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attractive. The appeals often made, not only to the young, but also to the “ sovereign citizen,” often tend to foster vain aspirations and to belittle industrious pursuits.
But most of the idleness which disgraces and degrades our industrial life is due to inborn laziness. A disinclination to work is no new thing under the sun. It is as old as human nature, and there is no evidence that it is peculiar to the educated and intelligent. On the contrary, the lower the condition of a people, the less their inclination to work. In savage tribes, the work is done by those who are compelled to toil either by hunger or external force. In half-civilized nations, the work is chiefly done by the women, who, in all material respects, are slaves. In all conditions of civilization, man does not work except from interest or necessity; and so long as human nature remains what it is, there will always be persons who prefer to get a living by their wits rather than by hard work.
These, and other causes which might be named, are certainly sufficient to account for the unsatisfactory condition of American industry, without charging it to the schools. Schooling may spoil some people, but many more are spoiled for the want of it. It is ignorance, not intelligence, that is degrading American labor and crippling American industry.
Over against these pet dogmas of aristocracy, before stated, permit me to put a few propositions, which are abundantly sustained by experience.
1. Education promotes industry and lessens idleness. It awakens and multiplies desires, and thus incites effort to secure the means of their gratification. The Indian builds his rude wigwam and fashions his bow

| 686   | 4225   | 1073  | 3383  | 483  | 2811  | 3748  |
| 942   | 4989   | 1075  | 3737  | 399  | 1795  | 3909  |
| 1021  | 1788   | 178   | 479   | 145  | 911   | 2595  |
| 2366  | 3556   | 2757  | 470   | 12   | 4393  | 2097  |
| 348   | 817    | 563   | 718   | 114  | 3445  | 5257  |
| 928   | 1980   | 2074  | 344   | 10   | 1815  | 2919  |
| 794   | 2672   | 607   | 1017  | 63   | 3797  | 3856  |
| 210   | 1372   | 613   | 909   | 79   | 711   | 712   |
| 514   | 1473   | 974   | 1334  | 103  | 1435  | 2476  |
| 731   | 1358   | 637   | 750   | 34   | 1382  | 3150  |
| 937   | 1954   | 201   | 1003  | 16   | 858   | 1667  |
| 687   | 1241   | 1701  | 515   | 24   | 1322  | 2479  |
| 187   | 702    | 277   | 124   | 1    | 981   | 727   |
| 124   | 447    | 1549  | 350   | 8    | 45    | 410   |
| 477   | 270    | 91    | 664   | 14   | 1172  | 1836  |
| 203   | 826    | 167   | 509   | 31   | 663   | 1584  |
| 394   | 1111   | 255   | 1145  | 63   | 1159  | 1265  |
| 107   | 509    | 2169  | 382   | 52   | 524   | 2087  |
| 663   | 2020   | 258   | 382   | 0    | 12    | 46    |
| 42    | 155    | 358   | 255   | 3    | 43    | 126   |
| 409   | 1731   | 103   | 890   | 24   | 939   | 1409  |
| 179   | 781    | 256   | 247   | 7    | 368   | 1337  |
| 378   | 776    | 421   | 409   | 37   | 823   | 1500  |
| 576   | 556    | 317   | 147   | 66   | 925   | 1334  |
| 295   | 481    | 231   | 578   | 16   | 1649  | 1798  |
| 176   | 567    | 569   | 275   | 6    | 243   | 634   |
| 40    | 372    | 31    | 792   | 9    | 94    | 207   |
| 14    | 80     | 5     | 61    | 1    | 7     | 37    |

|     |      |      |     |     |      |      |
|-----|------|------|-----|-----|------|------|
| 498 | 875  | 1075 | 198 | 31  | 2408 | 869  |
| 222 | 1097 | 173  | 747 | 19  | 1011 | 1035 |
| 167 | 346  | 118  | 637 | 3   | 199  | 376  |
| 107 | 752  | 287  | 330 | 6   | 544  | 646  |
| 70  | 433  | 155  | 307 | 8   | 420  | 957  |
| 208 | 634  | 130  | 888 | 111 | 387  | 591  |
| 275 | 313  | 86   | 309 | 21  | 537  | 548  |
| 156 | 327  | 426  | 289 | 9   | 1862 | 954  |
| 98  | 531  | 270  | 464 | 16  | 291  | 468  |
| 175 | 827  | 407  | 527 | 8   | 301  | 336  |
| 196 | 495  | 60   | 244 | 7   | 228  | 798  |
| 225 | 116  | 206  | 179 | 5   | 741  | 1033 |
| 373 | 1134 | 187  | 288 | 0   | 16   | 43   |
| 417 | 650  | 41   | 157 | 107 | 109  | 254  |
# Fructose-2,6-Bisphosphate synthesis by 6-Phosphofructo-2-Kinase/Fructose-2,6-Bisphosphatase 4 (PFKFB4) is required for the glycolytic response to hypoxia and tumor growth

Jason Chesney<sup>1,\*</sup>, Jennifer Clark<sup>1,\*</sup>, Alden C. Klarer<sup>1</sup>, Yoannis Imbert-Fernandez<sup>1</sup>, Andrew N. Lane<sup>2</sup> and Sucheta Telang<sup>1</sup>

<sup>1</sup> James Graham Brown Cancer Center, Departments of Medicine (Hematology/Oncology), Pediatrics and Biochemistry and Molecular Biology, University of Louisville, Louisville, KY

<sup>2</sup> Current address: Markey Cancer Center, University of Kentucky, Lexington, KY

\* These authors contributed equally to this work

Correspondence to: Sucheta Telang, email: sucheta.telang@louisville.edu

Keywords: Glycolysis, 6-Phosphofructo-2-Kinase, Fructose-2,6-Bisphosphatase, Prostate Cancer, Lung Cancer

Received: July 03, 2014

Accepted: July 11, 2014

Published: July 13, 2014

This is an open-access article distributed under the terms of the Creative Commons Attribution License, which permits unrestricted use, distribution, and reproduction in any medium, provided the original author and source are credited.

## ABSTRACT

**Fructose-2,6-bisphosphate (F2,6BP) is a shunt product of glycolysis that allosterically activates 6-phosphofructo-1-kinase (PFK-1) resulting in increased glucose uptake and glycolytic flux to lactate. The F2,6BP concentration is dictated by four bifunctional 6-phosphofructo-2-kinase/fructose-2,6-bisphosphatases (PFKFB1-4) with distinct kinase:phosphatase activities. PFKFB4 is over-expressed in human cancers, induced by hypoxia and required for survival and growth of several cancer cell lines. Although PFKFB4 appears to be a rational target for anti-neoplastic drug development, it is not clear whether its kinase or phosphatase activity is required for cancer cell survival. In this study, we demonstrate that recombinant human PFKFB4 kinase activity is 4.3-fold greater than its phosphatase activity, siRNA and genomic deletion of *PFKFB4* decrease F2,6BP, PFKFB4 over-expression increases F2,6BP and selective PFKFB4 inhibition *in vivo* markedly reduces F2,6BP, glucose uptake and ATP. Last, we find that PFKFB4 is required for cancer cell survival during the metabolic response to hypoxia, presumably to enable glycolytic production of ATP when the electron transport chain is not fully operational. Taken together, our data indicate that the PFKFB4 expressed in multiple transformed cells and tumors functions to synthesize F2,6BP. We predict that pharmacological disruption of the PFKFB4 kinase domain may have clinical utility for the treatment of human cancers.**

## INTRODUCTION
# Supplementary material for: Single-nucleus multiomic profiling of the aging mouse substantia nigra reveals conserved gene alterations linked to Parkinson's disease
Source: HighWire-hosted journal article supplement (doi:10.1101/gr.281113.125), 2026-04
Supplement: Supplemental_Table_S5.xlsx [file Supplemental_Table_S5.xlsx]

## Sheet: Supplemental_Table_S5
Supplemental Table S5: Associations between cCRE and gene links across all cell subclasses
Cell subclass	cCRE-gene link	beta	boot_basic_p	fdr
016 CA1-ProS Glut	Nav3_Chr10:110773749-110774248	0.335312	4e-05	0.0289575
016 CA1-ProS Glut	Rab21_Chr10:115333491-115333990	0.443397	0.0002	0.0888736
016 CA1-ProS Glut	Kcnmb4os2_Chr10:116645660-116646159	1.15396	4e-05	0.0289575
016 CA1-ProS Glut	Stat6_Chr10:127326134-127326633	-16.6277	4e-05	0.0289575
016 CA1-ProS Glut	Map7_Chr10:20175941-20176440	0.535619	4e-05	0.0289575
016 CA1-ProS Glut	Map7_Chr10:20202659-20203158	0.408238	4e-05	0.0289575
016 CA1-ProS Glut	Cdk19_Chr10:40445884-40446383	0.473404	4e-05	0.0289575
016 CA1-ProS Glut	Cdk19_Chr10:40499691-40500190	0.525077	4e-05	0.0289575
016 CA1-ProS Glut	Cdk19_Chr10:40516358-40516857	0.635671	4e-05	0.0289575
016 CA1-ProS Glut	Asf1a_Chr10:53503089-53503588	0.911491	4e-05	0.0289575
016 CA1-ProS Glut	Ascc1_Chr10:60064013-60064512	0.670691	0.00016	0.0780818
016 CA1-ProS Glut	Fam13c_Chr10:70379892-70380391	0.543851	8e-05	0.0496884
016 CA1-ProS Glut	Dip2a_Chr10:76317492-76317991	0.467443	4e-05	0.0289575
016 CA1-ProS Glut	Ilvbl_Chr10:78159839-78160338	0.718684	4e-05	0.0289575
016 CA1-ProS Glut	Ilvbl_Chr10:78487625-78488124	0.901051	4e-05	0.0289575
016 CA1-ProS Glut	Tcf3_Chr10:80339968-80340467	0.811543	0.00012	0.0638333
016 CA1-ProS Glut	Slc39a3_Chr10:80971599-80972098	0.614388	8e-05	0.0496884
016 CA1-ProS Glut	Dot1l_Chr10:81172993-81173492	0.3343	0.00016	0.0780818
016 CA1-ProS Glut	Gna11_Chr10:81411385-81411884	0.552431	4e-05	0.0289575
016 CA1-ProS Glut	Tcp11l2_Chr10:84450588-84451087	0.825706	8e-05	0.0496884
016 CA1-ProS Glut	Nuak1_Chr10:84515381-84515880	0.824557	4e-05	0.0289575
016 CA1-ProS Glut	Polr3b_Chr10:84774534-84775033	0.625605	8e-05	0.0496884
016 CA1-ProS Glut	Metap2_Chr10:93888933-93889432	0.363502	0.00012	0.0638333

and arrow and tomahawk, and with these his wealth and industry cease. Ignorance everywhere clothes itself in rags and lives in hovels, but when man's nature is opened by education, his desires clamor at the gateway of every nerve and sense for gratification The awakened soul has wants as well as the body. Education thus touches both factors in the great law of wealth. It creates demands, and it also incites to effort for their gratification. Enter the homes of educated labor in the land, and take an inventory of the articles found therein, which minister to the desires of the soul as well as to the wants of the body, and then contrast the result with what is found in the hovels of ignorance. Some idea will thus be obtained of the industrial power of general intelligence. The elevation of a people in intelligence and taste increases their demands for the products of human industry and skill, and, at the same time, it intensifies human effort and multiplies and varies the forms of industry. Wealth is the child of education.
2. Education makes labor more skilful and more productive. This proposition is based on a wide comparison of intelligent and ignorant labor, and is sustained by such a multitude of observations that it is no longer questioned by any one familiar with the facts. In 1846 Horace Mann, then Secretary of the Board of Education of Massachusetts, opened a correspondence with business men, to ascertain the comparative productive value of educated and uneducated labor. The men addressed included manufacturers of all kinds, machinists, engineers, railroad contractors, officers in the army, etc., - men who had the means of determining the productiveness of labor by observing hundreds of persons working side by side, using the same tools and machinery, and working on the same material, and making the same fabrics. In many instances, the productiveness of each operative could be weighed by the pound or measured by the yard. The investigation disclosed an astonishing superiority in productive power of the educated laborer, as compared with the uneducated. “The hand,” wrote Mr. Mann,“ is found to be another hand when guided by an intelligent mind. Processes are performed, not only more rapidly, but better, when faculties, which have been exercised in early life, furnish their assistance. In great establishments and among large bodies of laborers, where men pass by each other, ascending or descending in their grades of labor, just as easily and certainly as particles of water of different degrees of temperature glide by each other, there it is found to be an almost invariable rule that the educated laborer rises to a higher and higher point in the kinds of labor performed and also in the wages received, while the ignorant sinks like dregs and is always found at the bottom.”